I travelled to the Philippines for the first time in October. Being a true food lover as well as an experienced traveller, nothing was more satisfying for me than adventuring in the back streets of Manila in quest for the food the locals eat.
While geographically located in South East Asia, the Philippines is significantly different from countries like Thailand and Indonesia. Colonised by the Spanish for nearly four centuries, Filipino food has also been defined by a melting pot of influences, from Chinese to American. In essence, one could say Filipino cuisine embraces all the common elements of Asian cuisine – sweet, salty, spicy and sour. Ingredients commonly used include garlic, vinegar and soy sauce.
After spending a couple of days in Makati (Manila’s business district) I realised I wouldn’t find what I was looking for there. I mean it was a nice area (except I stayed right near one the town’s red light districts), it reminded me a little bit of Tokyo in the summer, with its steamy sticky city heat.
A day trip to Tagaytay and Lake Taal. was a fabulous way to cool down and discover the country side, where a lot of the farming is done. On the way we came across numerous pineapple plantations, coffee factories and coconut roadside vendors. There I tried a home-made coconut cream pie, with a surprising texture of stringy shredded fresh coconut and a creamy coconut mousse on a crumbly buttery biscuit base. It was served very cold and pleasant to eat. Oh and in case you didn’t know, the Philippines is the world’s largest producer of coconut (buko).
The next day I flew from Manila to Cebu, down south, for a short resort holiday. Except I can’t do resort holiday! I mean I love relaxing in a beautiful luxurious hotel overlooking the ocean, but what I like most when I travel is discovering the country through its people and its food (not through resort food of international buffet). I couldn’t help but get out exploring the streets of Lapu-Lapu on Mactan Island. I was a little bit of an attraction there – the locals didn’t seem accustomed to see many Westerners strolling through the streets of their food markets! But nothing can bring a bigger smile to my face than that type of travel – despite the dirt, heat, humidity and dust, this is WHY I travel to developing countries. I loved the colours, the smiles on people faces and the lively buzz of the Philippines.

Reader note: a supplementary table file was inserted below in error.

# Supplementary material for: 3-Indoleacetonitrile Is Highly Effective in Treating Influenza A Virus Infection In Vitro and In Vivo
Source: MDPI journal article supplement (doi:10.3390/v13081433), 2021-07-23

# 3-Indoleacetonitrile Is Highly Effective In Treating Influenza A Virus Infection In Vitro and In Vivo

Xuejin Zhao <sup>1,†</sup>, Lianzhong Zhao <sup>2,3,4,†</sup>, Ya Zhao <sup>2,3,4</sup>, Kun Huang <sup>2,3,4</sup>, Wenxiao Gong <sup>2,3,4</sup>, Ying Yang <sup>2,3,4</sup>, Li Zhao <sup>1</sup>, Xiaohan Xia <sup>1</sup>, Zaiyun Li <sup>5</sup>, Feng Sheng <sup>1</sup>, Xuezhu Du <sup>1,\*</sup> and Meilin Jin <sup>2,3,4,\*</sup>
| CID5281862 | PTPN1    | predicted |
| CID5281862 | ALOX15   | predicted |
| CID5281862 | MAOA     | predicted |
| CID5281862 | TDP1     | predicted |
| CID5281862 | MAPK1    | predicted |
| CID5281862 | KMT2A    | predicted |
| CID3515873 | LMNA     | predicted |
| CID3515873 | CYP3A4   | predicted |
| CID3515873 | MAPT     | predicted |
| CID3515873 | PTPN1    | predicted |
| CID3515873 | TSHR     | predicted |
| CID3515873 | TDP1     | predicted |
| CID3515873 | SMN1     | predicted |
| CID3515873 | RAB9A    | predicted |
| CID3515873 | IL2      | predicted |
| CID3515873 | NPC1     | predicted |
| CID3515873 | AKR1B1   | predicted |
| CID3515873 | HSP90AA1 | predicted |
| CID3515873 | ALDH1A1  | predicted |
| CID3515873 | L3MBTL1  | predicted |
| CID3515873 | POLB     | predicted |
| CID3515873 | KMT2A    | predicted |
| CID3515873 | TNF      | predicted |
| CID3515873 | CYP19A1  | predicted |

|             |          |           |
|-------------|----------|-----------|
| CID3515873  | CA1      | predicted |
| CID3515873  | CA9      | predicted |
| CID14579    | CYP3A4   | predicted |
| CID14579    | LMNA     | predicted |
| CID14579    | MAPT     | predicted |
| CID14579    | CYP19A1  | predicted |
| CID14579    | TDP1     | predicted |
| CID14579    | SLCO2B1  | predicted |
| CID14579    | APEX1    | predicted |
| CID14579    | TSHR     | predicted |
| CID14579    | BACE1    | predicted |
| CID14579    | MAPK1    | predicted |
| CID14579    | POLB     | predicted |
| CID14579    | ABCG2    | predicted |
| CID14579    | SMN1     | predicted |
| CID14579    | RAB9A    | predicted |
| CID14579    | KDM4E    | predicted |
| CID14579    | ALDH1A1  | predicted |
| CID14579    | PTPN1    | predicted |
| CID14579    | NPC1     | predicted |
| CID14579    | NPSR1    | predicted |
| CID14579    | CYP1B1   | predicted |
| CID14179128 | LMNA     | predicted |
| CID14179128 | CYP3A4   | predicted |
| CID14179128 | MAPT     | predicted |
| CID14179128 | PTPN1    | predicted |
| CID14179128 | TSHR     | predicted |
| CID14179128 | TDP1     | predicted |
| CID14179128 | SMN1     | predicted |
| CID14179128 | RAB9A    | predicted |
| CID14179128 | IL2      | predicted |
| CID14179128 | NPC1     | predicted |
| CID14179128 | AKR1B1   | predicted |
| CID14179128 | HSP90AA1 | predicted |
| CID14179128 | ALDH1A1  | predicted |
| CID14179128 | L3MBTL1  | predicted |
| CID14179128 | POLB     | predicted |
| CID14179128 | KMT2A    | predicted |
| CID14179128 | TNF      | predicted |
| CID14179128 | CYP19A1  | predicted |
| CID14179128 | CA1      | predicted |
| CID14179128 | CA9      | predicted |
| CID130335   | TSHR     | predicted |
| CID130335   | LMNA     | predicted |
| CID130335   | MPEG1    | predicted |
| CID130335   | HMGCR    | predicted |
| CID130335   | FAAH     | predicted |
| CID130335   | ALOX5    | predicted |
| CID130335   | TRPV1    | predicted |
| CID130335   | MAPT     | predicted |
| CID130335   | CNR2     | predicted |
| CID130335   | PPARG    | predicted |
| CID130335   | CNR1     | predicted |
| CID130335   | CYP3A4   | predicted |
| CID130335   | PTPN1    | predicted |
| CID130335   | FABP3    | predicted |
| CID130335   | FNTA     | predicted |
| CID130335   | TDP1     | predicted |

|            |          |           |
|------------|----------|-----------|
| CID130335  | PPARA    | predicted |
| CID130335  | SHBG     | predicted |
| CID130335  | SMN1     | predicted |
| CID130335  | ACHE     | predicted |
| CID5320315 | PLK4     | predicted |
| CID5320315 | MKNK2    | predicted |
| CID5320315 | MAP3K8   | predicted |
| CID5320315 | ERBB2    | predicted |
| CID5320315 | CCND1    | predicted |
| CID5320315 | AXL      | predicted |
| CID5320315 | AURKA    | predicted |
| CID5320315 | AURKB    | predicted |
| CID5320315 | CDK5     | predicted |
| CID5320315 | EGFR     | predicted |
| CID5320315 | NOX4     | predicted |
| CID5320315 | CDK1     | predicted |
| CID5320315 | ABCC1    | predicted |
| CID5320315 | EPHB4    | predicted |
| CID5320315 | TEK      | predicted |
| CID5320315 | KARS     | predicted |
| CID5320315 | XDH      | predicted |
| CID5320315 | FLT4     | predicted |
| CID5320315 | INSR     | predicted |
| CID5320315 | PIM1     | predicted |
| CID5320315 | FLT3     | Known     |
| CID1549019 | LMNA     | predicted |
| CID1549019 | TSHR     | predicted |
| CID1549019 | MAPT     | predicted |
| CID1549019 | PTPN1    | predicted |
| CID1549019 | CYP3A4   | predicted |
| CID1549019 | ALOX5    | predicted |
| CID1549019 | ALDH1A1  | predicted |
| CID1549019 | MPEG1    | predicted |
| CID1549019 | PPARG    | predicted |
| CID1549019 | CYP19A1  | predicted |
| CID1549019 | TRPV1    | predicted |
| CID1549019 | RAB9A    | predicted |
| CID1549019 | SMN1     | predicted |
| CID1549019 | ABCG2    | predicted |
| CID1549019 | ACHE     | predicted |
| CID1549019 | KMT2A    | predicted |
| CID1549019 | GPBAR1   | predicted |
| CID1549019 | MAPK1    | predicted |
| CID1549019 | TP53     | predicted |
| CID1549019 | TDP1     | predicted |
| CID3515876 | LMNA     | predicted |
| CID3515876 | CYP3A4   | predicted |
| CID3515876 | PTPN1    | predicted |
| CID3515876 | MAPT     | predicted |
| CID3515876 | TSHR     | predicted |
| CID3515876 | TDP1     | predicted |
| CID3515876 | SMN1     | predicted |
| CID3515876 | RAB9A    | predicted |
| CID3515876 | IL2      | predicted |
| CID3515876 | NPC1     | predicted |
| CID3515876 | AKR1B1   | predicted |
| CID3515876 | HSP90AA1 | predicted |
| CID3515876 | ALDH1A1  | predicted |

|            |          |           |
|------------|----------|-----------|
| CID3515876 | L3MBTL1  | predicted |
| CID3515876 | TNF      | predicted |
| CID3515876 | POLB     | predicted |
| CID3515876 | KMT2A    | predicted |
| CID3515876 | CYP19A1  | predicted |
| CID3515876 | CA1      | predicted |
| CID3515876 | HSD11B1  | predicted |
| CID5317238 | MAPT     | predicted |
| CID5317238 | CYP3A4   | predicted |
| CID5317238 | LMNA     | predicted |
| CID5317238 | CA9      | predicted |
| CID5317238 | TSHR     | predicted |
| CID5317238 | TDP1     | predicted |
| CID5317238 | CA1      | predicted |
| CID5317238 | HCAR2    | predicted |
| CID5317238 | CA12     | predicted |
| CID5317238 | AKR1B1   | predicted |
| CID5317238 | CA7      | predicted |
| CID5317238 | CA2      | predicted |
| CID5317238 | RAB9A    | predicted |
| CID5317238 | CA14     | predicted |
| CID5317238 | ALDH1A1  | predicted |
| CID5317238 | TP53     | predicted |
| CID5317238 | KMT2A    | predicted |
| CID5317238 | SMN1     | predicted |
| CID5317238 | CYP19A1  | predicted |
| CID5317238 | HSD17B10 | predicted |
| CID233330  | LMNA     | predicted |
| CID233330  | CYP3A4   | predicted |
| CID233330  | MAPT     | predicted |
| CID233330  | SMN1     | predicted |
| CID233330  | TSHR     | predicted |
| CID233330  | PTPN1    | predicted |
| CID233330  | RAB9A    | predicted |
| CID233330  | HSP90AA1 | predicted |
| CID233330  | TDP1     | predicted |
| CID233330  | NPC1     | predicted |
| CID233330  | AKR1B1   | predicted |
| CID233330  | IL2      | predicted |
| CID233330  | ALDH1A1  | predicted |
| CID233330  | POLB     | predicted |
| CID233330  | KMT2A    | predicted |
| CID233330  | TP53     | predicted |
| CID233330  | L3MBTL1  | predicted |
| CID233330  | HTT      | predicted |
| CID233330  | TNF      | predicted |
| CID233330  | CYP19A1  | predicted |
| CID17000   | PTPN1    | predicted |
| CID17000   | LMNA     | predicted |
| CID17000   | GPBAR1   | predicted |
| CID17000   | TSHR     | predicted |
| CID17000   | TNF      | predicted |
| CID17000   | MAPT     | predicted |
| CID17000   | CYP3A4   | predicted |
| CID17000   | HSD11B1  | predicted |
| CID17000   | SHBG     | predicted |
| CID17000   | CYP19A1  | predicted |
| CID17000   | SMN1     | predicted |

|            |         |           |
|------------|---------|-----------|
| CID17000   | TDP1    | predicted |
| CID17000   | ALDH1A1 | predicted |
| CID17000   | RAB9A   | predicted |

Back in Manila, I decided to stay in a different part of town this time around and chose Ermita and Malate as my destinations for my last few days in the Philippines. There, once again, I explored the back streets, the ones non-adventurous travellers may classify as dirty and/or dodgy. This is when I realised, Makati really was not a good representation of Philipines, but really just the face of a huge metropolis. My first encounter was with friendly Saba street vendors (Saba is also called Banana-Ques: banana deep fried in a caramelized sugar coating and then poked with a stick). I’m told Banana-Ques are a sweet treat for a lazy afternoon day. They are sold along side deep fried rice balls (also served on a stick), sweet potato wedges and Turon (also called Banana Lumpia: a Filipino snack made of sliced bananas and a slice of the local fruit known as the Langka or Jackfruit. It is then rolled in a spring roll wrapper, glazed with a sugar coating and then deep fried).
If like me you prefer fresh fruits over deep fried snacks, then you must try the home grown mangoes, bananas and the impressive pomelos (enormous red grapefruits)!
These were only a small selection of Filipino street food and snacks, I came across countless other interesting dishes and drinks during my travels to the Philippines! Oh and the best way to end a stay in Manila is to head down for a stroll in my favourite part of Town, Intramurous – Manila historical centre. I recommend you try the freshly made pina-colada at the very Spanish looking Barbara’s cafe, one of the oldest restaurants in town.
Have you travelled to the Philippines? Do you have a favourite Filipino dish?
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